Saturday 18 November 2017

Welcome to life as a top manager – a crazy and disturbing world

Andre Villas-Boas. Picture: REUTERS/Toby Melville
Andre Villas-Boas. Picture: REUTERS/Toby Melville

Michael Calvin

Sacked on a whim, tradition ditched at will, new rich owners valuing ruthlessness above sense – and amid all this chaos where are the supposed protectors of the game, the Football Association?

Greg Dyke, the FA's self-styled Head of Light Entertainment, genuflected before 150 years of history when he laid a wreath at the grave of Ebenezer Morley, the organisation's founding father, at a disused cemetery in the south western London suburb of Barnes on Thursday. The symbolism of the moment was rather more illuminating than he intended.

The worthies looked steadfastly backwards in a reverie of self-congratulation without noticing that the game they are supposed to protect was imploding. Dead men were walking and concerned citizens were talking about a crisis of leadership, the lack of a moral compass and an absence of credibility.

The charade involving Malky Mackay, played out with theatrical dissonance at and around Anfield yesterday, highlighted the dysfunctional relationship between celebrated serfs who have the power of public profile, and malign club owners who strip their managers of authority and dignity.

Football's evolutionary cycle is accelerating. Mackay's inevitable sacking will make him the 25th managerial casualty of the season. To use a cruelly inappropriate phrase, nearly half of those had enjoyed less than a year in the job. They are prey to the whims of men like Vincent Tan, or Tan Sri Dato' Seri Vincent Tan Chee Yioun, to give Cardiff's owner the perceived dignity of his full name.

The new breed of club owner, welcomed into the game without due diligence by administrators in thrall to unfeasible wealth, buys loyalty, demands deference and expects gratitude. He imposes his will regardless of cost, circumstance or conscience.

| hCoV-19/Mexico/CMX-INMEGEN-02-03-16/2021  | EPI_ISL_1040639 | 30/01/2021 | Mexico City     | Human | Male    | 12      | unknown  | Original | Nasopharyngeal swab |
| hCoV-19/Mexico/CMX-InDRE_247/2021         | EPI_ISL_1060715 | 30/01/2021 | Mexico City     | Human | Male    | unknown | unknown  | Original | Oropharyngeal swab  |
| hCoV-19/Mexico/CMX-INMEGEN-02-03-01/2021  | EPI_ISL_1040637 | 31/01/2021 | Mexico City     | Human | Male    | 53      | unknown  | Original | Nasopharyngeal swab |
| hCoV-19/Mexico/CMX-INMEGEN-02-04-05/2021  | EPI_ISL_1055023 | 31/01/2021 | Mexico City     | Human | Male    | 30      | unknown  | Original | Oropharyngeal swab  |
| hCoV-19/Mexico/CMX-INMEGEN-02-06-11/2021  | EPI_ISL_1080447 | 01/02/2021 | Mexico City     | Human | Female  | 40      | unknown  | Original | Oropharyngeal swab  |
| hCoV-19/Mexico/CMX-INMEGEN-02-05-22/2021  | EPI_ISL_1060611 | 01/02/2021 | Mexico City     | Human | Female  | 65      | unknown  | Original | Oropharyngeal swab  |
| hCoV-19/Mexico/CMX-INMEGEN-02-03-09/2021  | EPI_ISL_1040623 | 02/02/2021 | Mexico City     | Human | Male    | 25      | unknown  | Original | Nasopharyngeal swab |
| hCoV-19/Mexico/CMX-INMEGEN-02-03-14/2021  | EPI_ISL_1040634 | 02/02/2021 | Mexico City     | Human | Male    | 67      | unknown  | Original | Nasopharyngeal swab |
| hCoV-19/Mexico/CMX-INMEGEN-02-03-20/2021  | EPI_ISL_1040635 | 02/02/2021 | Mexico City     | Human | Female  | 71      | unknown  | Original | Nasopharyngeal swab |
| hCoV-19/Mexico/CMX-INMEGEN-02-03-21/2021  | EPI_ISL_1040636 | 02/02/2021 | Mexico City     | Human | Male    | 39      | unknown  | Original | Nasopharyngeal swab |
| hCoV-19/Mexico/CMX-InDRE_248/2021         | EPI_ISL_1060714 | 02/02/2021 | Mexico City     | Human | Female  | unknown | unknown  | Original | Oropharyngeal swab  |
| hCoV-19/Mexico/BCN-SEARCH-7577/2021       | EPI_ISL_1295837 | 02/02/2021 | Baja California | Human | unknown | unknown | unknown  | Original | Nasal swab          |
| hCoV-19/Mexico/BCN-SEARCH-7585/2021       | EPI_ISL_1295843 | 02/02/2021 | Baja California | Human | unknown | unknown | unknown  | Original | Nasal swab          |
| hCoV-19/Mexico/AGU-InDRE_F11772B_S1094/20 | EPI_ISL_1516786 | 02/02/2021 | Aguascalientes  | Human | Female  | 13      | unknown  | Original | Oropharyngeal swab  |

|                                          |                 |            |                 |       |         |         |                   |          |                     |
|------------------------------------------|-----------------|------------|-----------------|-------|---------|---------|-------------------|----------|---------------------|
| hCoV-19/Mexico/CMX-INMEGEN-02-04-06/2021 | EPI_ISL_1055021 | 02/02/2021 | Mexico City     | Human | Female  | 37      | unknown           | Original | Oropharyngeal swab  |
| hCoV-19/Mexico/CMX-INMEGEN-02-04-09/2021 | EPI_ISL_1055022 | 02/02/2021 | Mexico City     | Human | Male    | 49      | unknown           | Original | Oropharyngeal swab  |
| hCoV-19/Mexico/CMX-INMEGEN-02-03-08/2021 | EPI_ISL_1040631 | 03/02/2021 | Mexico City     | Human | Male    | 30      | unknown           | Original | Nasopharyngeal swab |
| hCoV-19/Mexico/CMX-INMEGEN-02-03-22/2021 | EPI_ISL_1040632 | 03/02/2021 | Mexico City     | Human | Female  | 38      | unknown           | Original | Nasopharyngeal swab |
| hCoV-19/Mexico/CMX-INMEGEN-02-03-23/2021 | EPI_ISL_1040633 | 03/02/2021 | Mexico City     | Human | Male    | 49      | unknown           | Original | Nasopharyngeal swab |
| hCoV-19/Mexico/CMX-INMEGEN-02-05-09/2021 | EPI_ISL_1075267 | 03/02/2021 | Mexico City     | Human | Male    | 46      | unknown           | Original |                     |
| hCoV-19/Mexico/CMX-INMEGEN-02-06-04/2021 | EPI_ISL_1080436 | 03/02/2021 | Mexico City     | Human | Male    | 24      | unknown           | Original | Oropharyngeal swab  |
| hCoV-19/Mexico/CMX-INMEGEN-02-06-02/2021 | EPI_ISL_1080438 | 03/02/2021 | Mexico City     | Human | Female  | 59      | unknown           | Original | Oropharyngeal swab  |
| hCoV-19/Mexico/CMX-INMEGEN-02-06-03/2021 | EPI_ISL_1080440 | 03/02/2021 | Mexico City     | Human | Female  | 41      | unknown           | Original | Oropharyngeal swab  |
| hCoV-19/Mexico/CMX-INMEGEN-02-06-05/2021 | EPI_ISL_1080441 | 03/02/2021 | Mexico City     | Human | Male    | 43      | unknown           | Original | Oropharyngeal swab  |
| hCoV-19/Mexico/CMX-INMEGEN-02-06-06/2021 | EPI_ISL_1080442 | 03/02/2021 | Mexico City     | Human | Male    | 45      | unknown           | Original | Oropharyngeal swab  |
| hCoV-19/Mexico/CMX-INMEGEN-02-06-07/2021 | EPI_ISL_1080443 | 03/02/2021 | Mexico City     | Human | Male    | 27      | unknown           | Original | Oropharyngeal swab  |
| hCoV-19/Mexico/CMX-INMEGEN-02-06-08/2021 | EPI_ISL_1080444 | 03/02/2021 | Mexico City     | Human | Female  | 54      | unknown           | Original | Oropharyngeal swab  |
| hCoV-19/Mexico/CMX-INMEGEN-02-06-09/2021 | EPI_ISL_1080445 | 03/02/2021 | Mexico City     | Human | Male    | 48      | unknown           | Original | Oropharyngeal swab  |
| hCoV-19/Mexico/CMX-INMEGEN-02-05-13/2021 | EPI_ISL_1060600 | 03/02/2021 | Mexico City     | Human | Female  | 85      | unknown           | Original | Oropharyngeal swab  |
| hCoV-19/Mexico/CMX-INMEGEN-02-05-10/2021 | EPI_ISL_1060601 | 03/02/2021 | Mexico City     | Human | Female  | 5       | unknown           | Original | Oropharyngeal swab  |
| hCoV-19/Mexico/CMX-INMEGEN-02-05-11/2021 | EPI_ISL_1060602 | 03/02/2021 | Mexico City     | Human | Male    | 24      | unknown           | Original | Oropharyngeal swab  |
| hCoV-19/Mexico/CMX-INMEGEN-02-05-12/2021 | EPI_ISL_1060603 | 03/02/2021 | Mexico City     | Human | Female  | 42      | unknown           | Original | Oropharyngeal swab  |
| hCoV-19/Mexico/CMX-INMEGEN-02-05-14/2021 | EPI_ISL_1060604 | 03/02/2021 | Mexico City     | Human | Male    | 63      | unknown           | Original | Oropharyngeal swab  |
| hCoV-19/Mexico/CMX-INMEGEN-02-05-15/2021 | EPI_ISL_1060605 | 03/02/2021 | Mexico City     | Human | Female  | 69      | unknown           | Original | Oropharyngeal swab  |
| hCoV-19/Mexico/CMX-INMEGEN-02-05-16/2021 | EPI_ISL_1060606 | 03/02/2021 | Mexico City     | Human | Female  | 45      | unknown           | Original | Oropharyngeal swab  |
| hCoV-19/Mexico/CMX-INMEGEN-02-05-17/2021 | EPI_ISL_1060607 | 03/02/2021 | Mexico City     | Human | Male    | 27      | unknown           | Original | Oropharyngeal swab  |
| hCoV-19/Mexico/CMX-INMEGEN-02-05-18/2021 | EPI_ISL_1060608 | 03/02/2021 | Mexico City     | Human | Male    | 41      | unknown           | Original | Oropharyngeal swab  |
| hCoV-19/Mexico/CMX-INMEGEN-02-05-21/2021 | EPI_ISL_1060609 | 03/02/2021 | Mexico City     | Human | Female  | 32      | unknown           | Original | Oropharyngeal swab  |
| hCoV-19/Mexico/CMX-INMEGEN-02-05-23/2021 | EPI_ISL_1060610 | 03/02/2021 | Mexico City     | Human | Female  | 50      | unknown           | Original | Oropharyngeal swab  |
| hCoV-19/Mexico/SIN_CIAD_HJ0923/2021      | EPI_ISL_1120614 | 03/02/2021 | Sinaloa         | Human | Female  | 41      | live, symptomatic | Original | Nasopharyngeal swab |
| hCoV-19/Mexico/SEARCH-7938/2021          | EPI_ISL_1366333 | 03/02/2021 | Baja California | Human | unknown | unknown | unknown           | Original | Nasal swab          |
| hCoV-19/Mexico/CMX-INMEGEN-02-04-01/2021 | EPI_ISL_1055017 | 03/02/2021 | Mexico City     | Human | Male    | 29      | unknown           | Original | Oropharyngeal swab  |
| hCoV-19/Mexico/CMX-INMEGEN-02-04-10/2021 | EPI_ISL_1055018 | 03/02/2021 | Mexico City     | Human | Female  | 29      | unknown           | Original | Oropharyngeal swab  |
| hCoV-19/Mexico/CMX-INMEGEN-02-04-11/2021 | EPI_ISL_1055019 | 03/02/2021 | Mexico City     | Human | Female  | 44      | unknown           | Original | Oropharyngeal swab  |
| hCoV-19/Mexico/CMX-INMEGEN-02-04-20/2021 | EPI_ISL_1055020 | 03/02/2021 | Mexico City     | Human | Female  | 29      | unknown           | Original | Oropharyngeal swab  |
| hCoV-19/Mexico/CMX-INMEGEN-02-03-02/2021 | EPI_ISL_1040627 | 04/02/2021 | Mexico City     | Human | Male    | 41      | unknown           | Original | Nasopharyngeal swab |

He has no concept of the conventions of the game, nor of the fundamental principles of mutual trust and respect. Fans are irrelevant even if, like those following Cardiff's defeat at Liverpool, they chant "you'll have a riot on your hands" when they become disaffected.

Victims and supplicants do not help themselves, because football magnifies ambition and diminishes self-respect. Contracts are increasingly certifications of value rather than confirmation of commitment. In a compensation culture, Tan will have no shortage of Yes Men to do his bidding.

Former Cardiff manager Dave Jones, being promoted as a viable technical director, is sufficiently familiar to evoke a sense of sadness. The candidature of Sven-Goran Eriksson, whose last three jobs have been with Al Nasr in Dubai, BEC Tero in Thailand and Guangzhou in China, is faintly pathetic. The prospect of an outsider like Yilmaz Vural, a nondescript veteran of 20 clubs in his native Turkey, taking control is risible.

As so often, Arsène Wenger, football's longest-serving manager, is the quiet voice of reason: "Technical stability is important in football," he said, in offering his support to Mackay. "There are some countries where the instability of managers is chronic. After that happens, there is no quality. It's very important for the quality of the game that there is stability."

The Brotherhood are stirring. The tradition that managers do not criticise the running of rival clubs has been ignored in the last 48 hours. Brendan Rodgers and Steve Bruce joined Wenger in questioning Tan's plausibility, a stance which suggests members of the League Managers' Association are being mobilised.

Richard Bevan, the LMA's progressive chief executive, has the foresight, intuition and leadership skills sadly lacking in Alex Horne, who is paid a scarcely credible annual salary of £528,000 for a comparable role, as the FA's general secretary.